They clearly relish a script that has such an insider’s perspective, skewering the self-absorption, insecurity and need for attention that fill the business. The performers embody these weaknesses and still create a tenderness for their characters. The comedy isn’t mean, though it is dark and edgy.

Edward Norton is hilarious in a bit of a self-parody as the true talent who pushes boundaries and strives for honesty – on the stage, anyway. He’s hardly alone. The entire ensemble – Emma Stone, Naomi Watts, Zach Galifianakis, Andrea Riseborough, Lindsay Duncan and Amy Ryan – impresses.

Each has his or her own story, conflict, world, and Inárritu allows that to enrich the world he creates, but it’s all in support of Keaton in the finest turn of his often underappreciated catalog of performances.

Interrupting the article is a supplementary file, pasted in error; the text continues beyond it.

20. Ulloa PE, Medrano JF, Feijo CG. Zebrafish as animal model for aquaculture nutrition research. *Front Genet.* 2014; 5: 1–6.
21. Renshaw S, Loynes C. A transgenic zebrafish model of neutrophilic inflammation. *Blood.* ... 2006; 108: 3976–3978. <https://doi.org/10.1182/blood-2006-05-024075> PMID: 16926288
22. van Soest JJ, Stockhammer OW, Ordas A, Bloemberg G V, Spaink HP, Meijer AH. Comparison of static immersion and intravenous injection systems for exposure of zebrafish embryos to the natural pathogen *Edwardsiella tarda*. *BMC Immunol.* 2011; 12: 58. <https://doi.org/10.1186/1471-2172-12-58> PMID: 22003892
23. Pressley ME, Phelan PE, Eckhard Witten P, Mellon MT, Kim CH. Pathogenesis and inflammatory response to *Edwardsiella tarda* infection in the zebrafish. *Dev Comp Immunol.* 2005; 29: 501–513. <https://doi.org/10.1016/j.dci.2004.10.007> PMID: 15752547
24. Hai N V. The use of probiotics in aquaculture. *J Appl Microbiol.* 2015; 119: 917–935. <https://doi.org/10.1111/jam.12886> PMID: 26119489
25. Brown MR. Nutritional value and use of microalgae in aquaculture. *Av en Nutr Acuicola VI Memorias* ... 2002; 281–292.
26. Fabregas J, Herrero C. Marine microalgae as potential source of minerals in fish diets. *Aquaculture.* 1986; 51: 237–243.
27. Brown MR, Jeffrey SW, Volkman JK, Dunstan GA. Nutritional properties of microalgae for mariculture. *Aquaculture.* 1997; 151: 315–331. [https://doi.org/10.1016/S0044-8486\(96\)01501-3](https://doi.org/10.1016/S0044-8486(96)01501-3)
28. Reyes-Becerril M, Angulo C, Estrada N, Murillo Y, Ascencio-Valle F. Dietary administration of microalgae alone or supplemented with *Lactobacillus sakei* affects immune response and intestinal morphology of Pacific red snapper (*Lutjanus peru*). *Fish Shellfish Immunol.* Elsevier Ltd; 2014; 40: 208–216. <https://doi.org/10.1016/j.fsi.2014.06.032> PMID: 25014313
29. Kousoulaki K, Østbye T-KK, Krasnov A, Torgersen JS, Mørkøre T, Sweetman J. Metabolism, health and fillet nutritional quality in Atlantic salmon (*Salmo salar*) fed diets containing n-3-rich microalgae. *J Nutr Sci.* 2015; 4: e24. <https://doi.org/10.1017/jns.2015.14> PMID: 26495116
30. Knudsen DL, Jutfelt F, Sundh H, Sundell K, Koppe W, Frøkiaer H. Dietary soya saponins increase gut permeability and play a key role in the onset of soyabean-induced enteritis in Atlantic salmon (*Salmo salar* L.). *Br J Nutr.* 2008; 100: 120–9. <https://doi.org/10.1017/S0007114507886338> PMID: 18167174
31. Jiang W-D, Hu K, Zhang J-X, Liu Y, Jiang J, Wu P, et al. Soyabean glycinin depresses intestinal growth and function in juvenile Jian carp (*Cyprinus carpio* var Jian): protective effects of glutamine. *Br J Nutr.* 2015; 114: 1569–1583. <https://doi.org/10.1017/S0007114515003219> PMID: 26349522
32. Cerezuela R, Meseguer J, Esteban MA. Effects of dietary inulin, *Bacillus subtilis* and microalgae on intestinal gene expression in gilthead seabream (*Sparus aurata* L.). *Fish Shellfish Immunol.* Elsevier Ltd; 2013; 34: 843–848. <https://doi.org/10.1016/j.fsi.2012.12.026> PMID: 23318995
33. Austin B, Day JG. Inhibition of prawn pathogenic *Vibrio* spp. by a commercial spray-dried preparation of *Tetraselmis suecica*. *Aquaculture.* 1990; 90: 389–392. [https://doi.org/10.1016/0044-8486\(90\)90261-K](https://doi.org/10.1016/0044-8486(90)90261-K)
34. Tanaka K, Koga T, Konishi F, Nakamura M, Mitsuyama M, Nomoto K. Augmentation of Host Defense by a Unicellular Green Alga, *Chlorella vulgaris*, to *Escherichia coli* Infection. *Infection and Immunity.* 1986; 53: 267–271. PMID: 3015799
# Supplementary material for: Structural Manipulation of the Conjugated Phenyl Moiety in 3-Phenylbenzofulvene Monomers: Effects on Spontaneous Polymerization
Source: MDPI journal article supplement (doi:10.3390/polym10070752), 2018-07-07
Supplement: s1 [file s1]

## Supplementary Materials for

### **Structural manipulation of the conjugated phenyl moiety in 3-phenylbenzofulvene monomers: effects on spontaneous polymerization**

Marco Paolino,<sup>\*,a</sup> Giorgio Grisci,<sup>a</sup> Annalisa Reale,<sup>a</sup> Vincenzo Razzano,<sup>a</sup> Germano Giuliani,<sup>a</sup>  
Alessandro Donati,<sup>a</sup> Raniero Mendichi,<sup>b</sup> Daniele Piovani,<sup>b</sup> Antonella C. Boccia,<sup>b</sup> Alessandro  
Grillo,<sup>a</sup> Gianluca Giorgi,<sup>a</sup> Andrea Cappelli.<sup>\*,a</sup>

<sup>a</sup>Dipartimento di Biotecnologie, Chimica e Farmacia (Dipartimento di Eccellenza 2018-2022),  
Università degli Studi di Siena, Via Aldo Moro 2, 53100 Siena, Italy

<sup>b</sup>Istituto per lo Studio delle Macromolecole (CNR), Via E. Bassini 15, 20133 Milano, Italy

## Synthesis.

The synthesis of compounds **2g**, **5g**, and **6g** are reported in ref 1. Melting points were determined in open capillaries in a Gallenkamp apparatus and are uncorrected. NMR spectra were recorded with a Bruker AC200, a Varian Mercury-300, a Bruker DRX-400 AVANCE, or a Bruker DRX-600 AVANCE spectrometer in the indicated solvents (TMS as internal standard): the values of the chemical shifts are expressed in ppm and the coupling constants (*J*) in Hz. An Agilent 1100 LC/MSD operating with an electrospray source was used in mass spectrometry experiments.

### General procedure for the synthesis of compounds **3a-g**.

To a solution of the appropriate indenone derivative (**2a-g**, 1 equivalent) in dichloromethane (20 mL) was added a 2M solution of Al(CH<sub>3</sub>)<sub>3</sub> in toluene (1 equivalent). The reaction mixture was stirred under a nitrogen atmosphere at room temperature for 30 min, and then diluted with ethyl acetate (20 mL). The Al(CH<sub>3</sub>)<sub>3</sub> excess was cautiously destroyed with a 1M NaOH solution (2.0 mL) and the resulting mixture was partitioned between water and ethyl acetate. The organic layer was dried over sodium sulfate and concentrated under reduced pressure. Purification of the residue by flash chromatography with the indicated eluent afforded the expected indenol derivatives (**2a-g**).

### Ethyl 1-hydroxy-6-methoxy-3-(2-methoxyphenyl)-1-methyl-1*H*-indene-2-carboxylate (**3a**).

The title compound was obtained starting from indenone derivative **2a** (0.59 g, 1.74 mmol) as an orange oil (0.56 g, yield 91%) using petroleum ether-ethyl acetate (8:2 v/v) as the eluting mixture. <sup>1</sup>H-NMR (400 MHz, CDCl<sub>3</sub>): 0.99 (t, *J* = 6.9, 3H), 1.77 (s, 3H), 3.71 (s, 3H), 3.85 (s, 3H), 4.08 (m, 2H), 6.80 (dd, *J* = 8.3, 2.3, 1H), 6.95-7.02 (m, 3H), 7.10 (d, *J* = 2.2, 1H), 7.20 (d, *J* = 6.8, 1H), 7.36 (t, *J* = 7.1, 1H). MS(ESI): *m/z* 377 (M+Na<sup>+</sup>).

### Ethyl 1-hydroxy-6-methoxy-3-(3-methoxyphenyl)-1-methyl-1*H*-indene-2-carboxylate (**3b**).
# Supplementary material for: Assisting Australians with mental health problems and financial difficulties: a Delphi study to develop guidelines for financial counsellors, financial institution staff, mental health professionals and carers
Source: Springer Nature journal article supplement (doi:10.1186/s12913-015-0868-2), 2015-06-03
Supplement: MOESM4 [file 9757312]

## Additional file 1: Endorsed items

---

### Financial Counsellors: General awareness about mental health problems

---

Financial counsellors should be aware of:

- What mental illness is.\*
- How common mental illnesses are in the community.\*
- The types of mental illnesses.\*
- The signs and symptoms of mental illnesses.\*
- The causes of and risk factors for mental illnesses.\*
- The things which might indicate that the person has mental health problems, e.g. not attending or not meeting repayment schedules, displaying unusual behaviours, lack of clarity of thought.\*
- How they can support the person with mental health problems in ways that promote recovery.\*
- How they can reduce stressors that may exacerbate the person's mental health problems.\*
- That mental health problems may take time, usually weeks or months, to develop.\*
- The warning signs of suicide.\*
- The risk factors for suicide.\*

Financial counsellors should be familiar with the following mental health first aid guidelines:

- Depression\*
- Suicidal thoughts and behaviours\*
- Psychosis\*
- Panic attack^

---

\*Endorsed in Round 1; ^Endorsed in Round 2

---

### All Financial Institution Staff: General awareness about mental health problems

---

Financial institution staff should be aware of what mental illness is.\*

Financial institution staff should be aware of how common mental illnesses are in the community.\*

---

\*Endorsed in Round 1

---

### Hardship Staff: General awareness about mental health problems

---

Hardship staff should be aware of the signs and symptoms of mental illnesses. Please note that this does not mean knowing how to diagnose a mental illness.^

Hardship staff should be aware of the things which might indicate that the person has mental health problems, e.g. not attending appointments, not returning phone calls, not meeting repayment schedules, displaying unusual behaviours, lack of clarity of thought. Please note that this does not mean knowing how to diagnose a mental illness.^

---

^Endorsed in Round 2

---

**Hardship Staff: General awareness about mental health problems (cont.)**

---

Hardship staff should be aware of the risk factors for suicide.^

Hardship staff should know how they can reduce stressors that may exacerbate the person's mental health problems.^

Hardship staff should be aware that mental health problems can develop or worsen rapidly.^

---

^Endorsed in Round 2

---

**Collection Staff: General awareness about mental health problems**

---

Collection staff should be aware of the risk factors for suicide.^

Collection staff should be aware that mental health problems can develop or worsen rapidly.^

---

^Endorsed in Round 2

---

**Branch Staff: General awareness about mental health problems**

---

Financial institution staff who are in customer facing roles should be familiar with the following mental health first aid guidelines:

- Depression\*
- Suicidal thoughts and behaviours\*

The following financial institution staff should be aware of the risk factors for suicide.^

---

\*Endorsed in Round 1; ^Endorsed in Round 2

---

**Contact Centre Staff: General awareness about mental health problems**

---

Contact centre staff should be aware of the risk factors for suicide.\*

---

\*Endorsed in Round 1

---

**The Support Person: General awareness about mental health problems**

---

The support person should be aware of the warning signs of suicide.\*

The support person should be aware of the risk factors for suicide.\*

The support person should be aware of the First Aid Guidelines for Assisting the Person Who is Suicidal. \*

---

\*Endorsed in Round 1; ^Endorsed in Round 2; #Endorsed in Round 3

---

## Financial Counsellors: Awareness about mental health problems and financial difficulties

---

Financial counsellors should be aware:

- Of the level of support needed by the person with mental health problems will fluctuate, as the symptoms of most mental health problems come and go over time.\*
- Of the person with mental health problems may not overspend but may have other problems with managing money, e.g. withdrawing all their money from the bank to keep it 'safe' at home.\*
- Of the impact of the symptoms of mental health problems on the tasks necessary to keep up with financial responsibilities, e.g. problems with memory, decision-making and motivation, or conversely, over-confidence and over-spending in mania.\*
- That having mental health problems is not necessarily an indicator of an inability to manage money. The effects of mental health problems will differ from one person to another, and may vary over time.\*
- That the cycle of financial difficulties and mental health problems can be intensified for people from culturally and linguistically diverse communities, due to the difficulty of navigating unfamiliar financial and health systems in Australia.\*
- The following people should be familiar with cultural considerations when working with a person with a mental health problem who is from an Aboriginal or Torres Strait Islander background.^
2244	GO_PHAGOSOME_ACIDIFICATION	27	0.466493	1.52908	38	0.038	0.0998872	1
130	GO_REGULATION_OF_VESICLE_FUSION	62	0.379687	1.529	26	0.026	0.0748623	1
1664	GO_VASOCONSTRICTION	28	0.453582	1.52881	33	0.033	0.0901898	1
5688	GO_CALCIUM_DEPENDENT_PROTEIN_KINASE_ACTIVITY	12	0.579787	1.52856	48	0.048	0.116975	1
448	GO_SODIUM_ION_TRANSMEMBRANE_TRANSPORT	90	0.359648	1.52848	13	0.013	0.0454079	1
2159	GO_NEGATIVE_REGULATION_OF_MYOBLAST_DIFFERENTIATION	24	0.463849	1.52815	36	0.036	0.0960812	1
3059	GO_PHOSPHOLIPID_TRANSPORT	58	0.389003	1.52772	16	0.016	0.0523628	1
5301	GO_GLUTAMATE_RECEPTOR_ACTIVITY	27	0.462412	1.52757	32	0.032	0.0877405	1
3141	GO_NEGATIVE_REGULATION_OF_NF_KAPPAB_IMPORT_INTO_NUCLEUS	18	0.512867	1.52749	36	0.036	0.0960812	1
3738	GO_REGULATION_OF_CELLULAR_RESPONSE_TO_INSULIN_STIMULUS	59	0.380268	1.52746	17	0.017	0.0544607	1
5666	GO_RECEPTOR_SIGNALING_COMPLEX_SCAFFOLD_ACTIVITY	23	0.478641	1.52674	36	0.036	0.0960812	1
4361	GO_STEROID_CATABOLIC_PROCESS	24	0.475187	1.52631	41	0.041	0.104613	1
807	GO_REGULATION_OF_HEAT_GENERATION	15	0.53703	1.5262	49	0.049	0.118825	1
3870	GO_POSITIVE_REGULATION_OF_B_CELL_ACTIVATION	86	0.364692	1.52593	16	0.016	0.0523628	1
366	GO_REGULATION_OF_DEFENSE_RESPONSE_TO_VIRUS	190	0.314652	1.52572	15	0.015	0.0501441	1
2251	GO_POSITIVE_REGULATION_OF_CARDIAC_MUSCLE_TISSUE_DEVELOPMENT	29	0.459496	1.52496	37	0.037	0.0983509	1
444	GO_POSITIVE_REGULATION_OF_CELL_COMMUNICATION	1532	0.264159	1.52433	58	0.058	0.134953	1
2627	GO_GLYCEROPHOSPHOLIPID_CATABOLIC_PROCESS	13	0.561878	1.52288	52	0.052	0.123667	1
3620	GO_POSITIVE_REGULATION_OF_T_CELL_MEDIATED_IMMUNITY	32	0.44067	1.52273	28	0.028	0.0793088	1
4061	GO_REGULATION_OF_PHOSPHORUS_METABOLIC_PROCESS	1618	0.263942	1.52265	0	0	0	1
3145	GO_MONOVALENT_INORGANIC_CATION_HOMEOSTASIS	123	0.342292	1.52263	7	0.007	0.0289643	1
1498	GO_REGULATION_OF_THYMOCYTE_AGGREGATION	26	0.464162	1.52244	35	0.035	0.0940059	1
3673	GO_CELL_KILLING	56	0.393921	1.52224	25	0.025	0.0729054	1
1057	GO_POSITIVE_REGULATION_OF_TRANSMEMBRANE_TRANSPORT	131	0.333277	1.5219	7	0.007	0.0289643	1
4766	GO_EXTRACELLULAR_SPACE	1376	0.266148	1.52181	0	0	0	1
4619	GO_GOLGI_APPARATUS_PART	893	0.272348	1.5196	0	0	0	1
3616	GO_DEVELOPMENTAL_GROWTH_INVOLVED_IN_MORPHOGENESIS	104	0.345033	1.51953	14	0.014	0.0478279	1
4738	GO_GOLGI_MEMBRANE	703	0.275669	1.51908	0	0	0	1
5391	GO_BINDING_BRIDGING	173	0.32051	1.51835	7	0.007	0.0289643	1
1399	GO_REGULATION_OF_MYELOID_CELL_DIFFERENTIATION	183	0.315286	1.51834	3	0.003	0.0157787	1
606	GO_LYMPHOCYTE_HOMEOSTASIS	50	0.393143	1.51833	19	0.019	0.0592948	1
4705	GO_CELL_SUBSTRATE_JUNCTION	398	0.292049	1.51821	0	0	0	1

He never falls back on the ticks and gimmicks that mark most of his comedic turns – quirks that made efforts like Beetlejuice so enjoyable. This performance is volcanic and restrained, pitiful and triumphant. His desperation is palpable and his madness is glorious. That Keaton can hit these disparate levels sometimes simultaneously inspires awe. Keaton has long been a unique talent, and while this role seems almost awkwardly custom made for the former Batman, the performance still could not have been less expected.

Inárritu, master of beautiful tragedy (Amores Perros, 21 Grams, Babel, Biutiful), may be in impish humor with this effort, but Birdman is as dark and poetic as anything he’s created. Impeccably written, hauntingly filmed and superbly performed, Birdman is the first real contender Boyhood has faced for the best film of 2014.

Verdict-4-5-Stars